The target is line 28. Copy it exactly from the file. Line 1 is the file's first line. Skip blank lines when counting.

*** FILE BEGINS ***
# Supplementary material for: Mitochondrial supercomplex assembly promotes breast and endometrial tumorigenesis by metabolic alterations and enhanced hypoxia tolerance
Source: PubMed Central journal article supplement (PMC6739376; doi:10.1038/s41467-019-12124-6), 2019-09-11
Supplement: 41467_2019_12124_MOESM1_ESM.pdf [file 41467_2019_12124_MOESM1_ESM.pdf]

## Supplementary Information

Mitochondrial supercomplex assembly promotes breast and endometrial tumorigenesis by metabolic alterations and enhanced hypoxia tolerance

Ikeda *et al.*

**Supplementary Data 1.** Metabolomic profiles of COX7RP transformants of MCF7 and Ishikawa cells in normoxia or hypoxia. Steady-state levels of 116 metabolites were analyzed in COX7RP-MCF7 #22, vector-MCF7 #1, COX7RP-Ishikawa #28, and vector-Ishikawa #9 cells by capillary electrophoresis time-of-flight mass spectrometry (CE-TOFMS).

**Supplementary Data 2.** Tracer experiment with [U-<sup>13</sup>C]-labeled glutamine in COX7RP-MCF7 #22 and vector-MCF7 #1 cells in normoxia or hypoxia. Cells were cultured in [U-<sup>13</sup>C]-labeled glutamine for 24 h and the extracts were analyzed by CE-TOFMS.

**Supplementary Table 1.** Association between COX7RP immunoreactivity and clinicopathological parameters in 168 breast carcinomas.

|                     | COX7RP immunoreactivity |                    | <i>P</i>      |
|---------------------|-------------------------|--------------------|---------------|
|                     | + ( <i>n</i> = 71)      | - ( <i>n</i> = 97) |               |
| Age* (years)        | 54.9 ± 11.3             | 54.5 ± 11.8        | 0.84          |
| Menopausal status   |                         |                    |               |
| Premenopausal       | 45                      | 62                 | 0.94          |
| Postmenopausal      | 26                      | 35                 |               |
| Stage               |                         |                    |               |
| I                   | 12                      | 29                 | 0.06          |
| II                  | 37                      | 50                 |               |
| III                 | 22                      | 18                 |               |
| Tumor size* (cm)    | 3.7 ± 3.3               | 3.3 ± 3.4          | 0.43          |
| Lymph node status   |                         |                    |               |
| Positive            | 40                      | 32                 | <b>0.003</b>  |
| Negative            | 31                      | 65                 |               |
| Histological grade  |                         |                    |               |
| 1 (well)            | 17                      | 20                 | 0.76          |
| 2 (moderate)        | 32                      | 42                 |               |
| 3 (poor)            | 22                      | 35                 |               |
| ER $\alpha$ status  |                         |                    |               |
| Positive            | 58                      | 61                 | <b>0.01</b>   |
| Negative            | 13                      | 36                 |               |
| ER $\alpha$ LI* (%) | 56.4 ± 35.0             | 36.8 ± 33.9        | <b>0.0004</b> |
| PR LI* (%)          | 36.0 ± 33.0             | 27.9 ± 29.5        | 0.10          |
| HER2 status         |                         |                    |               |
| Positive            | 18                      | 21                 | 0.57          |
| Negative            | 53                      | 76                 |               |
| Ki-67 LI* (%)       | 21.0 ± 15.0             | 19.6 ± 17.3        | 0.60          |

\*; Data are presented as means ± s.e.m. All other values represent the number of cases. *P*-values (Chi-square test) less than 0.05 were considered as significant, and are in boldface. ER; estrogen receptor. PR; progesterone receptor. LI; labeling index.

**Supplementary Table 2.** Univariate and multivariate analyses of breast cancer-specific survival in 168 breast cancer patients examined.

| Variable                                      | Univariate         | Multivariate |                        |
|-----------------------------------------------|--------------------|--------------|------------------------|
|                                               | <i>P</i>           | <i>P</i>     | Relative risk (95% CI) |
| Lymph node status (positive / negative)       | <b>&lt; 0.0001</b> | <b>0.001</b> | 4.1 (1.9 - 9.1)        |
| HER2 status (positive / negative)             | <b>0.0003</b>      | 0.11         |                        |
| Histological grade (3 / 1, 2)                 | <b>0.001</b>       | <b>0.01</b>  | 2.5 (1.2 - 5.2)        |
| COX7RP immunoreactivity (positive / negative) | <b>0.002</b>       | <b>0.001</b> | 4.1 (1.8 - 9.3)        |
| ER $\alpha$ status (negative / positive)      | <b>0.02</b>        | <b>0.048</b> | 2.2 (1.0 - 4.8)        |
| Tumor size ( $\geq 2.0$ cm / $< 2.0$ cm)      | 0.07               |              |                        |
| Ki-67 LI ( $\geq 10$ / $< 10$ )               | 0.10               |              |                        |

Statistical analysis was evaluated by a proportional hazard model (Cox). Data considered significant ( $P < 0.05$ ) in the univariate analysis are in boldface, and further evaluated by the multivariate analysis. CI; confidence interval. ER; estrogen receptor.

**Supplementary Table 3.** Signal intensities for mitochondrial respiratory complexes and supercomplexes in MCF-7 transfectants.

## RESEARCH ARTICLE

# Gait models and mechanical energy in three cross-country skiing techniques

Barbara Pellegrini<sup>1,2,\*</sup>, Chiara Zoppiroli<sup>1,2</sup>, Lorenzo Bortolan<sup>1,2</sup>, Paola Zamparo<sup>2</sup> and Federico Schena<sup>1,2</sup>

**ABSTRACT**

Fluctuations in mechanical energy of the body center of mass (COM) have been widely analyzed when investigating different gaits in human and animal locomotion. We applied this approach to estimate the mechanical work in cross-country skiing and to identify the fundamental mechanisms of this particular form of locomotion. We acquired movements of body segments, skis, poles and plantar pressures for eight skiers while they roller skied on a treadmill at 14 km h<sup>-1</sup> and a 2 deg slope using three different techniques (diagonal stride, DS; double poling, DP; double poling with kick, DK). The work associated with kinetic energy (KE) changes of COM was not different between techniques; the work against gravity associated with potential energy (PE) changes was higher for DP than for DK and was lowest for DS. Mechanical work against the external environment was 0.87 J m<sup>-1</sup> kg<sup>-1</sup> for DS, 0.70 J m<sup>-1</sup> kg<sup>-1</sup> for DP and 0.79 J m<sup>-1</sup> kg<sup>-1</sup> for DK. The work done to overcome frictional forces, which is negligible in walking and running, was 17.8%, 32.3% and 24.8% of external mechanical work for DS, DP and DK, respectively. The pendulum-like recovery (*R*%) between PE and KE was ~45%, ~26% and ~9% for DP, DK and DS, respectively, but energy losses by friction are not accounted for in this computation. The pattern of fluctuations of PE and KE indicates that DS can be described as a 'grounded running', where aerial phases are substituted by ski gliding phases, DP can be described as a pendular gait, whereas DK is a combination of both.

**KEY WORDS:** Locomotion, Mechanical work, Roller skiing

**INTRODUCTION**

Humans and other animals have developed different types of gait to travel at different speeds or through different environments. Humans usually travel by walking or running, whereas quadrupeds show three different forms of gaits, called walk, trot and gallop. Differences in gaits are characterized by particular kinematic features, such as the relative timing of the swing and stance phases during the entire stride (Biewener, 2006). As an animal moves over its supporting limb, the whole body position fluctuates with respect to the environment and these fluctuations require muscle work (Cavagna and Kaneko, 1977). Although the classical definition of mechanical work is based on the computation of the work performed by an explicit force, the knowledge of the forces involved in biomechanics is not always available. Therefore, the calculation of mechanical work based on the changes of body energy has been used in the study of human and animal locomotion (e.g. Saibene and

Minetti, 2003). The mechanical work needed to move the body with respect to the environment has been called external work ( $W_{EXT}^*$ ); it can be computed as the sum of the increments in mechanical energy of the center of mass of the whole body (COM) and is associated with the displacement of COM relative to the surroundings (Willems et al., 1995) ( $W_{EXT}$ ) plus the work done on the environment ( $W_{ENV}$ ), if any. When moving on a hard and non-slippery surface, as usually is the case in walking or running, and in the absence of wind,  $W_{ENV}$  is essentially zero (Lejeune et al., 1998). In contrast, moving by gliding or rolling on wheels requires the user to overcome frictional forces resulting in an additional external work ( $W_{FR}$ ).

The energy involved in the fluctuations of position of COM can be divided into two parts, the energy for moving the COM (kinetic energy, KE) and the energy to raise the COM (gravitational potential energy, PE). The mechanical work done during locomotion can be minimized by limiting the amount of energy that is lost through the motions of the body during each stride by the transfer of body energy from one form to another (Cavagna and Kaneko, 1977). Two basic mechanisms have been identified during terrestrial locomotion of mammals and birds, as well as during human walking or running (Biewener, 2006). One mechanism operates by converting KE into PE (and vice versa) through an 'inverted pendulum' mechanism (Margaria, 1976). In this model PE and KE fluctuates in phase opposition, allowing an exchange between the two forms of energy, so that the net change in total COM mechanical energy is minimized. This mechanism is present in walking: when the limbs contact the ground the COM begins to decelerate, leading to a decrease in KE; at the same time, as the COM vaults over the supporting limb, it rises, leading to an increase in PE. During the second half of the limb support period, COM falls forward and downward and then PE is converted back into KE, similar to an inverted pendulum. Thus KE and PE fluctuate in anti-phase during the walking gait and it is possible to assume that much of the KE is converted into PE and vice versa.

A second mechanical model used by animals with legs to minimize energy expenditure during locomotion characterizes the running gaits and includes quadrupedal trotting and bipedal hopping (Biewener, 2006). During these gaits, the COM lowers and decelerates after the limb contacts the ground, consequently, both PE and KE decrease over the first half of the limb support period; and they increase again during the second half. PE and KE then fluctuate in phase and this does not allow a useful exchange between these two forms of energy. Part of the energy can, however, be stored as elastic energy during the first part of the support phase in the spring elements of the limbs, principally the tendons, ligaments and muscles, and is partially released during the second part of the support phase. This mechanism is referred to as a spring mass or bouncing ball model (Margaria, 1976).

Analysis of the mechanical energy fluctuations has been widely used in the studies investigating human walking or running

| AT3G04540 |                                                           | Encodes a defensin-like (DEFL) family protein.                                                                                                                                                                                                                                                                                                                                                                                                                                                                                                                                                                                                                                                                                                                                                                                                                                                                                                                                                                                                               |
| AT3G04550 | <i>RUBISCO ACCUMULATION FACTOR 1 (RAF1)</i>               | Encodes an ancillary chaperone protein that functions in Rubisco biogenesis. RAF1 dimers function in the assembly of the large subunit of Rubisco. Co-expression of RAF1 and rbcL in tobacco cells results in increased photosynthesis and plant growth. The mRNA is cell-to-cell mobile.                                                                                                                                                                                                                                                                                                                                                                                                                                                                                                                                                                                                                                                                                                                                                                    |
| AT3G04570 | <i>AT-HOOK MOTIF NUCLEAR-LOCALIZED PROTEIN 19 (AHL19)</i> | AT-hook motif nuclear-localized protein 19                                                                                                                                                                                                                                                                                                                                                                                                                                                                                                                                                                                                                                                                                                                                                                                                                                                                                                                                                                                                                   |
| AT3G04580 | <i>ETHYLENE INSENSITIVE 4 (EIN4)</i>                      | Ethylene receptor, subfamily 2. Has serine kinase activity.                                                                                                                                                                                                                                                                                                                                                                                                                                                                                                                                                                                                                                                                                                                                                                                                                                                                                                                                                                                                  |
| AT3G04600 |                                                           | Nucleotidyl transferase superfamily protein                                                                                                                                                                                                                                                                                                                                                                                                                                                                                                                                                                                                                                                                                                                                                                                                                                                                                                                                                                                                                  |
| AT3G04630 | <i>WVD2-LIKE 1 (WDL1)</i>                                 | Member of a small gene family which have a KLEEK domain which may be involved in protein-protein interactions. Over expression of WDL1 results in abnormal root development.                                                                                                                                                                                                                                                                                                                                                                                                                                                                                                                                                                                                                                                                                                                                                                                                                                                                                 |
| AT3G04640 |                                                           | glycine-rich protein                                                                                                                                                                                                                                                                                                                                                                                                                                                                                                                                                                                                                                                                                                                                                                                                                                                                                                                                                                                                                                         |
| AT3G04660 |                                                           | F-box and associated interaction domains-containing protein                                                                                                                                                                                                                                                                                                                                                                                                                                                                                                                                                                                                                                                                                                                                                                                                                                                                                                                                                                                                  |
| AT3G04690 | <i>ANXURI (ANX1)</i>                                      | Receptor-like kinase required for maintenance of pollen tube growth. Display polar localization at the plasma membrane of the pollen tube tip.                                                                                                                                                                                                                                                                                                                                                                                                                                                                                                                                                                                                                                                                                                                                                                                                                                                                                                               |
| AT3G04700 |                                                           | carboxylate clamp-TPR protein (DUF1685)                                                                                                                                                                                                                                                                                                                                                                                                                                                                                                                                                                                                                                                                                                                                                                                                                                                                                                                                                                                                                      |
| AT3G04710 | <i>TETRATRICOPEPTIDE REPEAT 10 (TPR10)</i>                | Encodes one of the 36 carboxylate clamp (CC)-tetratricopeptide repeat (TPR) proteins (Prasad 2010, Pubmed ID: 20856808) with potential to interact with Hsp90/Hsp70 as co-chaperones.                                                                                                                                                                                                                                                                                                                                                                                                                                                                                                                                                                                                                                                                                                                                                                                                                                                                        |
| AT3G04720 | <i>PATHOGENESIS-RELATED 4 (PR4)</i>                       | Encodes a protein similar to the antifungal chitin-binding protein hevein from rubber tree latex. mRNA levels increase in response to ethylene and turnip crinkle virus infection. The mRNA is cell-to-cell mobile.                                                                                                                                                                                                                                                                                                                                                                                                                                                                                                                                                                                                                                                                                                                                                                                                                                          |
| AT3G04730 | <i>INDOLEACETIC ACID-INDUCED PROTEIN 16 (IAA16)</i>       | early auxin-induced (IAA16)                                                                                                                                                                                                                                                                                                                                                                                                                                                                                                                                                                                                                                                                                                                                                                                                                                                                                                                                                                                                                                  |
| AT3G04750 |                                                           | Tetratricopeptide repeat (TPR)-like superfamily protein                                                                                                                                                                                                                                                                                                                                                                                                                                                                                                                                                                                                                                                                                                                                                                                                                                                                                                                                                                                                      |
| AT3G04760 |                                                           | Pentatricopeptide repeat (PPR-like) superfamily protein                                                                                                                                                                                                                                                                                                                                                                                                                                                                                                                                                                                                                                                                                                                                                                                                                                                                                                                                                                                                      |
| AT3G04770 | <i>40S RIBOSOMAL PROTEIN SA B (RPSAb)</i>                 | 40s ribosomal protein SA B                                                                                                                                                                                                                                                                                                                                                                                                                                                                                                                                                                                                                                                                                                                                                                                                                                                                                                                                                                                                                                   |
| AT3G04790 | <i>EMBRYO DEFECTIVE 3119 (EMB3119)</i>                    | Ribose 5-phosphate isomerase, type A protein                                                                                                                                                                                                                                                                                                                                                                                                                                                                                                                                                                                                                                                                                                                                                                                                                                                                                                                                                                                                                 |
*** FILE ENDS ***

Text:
| 3 (poor)            | 22                      | 35                 |               |